Dormio, the open source glove developed by MIT that allows hacking your dreams
Can you imagine hacking your own dreams? Exploring the misty and unknown dimension of the dreams has always been one of the ambitions of humanity since ancient times. We have seen this wish represented someway in several sci-fi films. The possibility of watching on a screen what happens inside our dreams, recording our emotions and experiences within them or free interacting in the universe created by our minds have been already imagined in cinema in various occasions and Futureworld (1976), BrainStorm (1983), Until The End of The World (1990) or Inception (2010) are a few examples of that.
What is Dormio?
Now we are a bit closer to achieving it thanks to the work of researchers of the Dream Lab. This laboratory was created in 2017 by the Massachussetts Institute of Technology (MIT) and it has the goal of looking for approaches to help the study of dreams and their practical applications. Recently, they have presented one of their latest projects, a portable device which can track our dreams and even interact with them.
The device consists of a glove, which has been named Dormio and released under an open source licence. The glove is equipped with several sensors to monitor in which of the stages of sleep we are and, more precisely, the moment that the users enter the hypnagogia, a state between conscious and unconscious.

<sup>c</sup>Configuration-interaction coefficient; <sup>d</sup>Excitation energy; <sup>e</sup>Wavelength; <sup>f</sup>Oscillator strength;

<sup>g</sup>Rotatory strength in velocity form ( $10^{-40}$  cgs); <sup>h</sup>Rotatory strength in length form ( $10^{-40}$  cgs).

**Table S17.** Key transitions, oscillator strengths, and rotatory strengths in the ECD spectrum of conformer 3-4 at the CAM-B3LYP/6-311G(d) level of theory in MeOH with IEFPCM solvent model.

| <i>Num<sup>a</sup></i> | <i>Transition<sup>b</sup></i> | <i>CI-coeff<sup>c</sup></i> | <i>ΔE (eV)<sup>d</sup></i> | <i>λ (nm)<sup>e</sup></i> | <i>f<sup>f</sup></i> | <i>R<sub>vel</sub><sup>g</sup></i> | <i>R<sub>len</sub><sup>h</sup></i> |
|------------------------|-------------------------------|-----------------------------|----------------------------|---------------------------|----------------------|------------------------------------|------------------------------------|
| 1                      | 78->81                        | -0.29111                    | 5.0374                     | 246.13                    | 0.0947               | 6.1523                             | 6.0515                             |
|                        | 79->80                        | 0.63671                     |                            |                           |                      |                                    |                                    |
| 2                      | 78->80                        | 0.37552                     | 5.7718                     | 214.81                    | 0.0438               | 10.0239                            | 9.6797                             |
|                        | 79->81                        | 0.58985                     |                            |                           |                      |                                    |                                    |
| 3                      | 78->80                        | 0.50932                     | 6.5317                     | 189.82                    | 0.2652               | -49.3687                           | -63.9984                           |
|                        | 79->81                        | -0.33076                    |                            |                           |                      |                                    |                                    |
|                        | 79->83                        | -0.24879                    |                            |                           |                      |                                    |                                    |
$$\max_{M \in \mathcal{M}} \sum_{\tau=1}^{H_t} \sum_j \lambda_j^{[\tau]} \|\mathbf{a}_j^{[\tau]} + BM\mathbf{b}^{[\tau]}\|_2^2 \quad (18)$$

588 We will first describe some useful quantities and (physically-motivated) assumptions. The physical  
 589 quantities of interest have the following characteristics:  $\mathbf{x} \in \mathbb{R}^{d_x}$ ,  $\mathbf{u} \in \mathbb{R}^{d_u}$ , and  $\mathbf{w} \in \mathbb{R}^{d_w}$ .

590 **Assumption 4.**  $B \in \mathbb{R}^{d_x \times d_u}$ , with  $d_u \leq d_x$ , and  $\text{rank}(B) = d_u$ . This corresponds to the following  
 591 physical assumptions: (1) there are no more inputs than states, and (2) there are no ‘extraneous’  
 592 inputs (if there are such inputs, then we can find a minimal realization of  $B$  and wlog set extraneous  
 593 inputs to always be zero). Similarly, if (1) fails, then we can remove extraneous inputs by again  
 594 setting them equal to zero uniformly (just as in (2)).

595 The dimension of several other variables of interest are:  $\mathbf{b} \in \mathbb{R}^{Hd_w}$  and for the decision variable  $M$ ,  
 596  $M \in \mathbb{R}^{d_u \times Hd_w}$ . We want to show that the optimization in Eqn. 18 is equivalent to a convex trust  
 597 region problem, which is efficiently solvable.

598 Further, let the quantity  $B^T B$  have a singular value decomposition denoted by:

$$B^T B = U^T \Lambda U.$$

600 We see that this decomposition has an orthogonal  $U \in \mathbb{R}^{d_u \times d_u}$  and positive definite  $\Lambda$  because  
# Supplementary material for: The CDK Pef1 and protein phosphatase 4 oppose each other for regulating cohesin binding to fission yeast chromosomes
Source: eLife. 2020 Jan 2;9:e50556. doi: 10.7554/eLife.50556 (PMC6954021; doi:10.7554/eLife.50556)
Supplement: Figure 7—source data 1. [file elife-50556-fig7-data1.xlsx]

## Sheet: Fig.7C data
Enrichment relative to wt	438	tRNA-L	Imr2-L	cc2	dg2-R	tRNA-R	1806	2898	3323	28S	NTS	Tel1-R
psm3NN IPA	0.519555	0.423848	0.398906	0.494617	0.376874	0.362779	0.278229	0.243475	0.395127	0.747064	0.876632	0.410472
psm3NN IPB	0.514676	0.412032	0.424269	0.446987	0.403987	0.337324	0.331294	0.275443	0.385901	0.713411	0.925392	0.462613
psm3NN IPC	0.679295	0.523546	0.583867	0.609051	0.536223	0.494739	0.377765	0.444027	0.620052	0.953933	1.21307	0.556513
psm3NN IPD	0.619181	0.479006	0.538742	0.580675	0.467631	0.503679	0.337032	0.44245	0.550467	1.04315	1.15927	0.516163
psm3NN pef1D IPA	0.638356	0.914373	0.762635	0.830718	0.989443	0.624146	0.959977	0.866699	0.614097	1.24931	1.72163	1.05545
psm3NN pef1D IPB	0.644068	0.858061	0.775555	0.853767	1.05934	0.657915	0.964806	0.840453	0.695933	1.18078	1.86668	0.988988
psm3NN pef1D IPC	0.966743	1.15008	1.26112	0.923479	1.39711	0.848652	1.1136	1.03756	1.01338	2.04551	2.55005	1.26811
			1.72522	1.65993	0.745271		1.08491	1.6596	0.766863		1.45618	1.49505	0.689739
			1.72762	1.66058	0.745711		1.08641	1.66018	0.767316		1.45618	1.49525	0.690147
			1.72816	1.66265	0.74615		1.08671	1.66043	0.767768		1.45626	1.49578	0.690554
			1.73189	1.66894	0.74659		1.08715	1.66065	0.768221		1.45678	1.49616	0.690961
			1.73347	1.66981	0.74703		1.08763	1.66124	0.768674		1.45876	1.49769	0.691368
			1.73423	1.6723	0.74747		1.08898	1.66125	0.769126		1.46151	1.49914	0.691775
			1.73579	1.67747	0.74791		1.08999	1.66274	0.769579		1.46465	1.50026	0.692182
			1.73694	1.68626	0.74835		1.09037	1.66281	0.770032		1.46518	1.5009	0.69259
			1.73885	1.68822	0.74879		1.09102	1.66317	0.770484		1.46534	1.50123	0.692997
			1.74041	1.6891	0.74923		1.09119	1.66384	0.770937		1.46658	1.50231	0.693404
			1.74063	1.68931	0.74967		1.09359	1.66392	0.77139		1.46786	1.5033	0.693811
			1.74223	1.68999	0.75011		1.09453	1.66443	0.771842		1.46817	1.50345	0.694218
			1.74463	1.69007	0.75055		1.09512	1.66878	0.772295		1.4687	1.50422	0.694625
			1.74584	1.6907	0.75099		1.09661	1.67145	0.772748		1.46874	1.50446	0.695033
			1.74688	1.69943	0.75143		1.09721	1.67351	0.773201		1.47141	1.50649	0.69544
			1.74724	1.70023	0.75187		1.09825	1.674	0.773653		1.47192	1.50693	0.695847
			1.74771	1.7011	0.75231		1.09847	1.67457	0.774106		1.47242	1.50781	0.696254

At that moment of the sleep is when we can glimpse and remember images or hypnagogic hallucinations as result of our transition from the wakefulness to the sleep. The function of Dormio is enabling the interaction at that moment, allowing us to hack our dreams – “hacking them, enhancing them and moduling them” – in our own benefit.
The device has the goal of democratizing the science of tracking sleep. The step-by-step instructions have been published on-line together with the software for biosignal tracking which is available in GitHub. Theoretically, this allows anyone to create its own Dormio glove. The applications vary greatly. According to Adam Horowitz, PhD student in the Group of Fluid Interfaces of the MIT Media Lab and researcher in the Dream Lab, it will be possible in a near future to increase the memory, the creativity, improve the mood during the next day or increase the productivity and focus, for example, when facing an exam.
A good example is the experiment performed in a study with around fifty people by Valdas Noreika, Cambridge psychologist in the Dream Lab. In this experiment, the glove could insert a tiger in the dream of the participants making the glove send a pre-recorded message which simply said “tiger” when the glove detected the moment of hypnagogia.
To achieve this, the glove has sensors to monitor our muscle tone, cardiac frequency and the skin conductance. Just before we enter the stage 2 of our sleep, the device sends a signal to emit, for example, a subtle audio message through a smartphone or a Jibo robot close to the person. This message aims to keep us in the hypnagogic state without waking us up and interacting with our lucid dreams in a semi-conscious state. This allows the researchers to record all that happens for later analysis.
The future of this technology is not clear yet. However, as it has been previously mentioned, it opens the door to this dreamed world of tomorrow where we can control what happens in our dreams, taking control of our own minds. What is really true, it is the possibility of building our own device. This allows us to make the fiction presented in HollyWood films closer to the reality of our own homes. Who knows where this will take us, because, same as our dreams, the future is not written.
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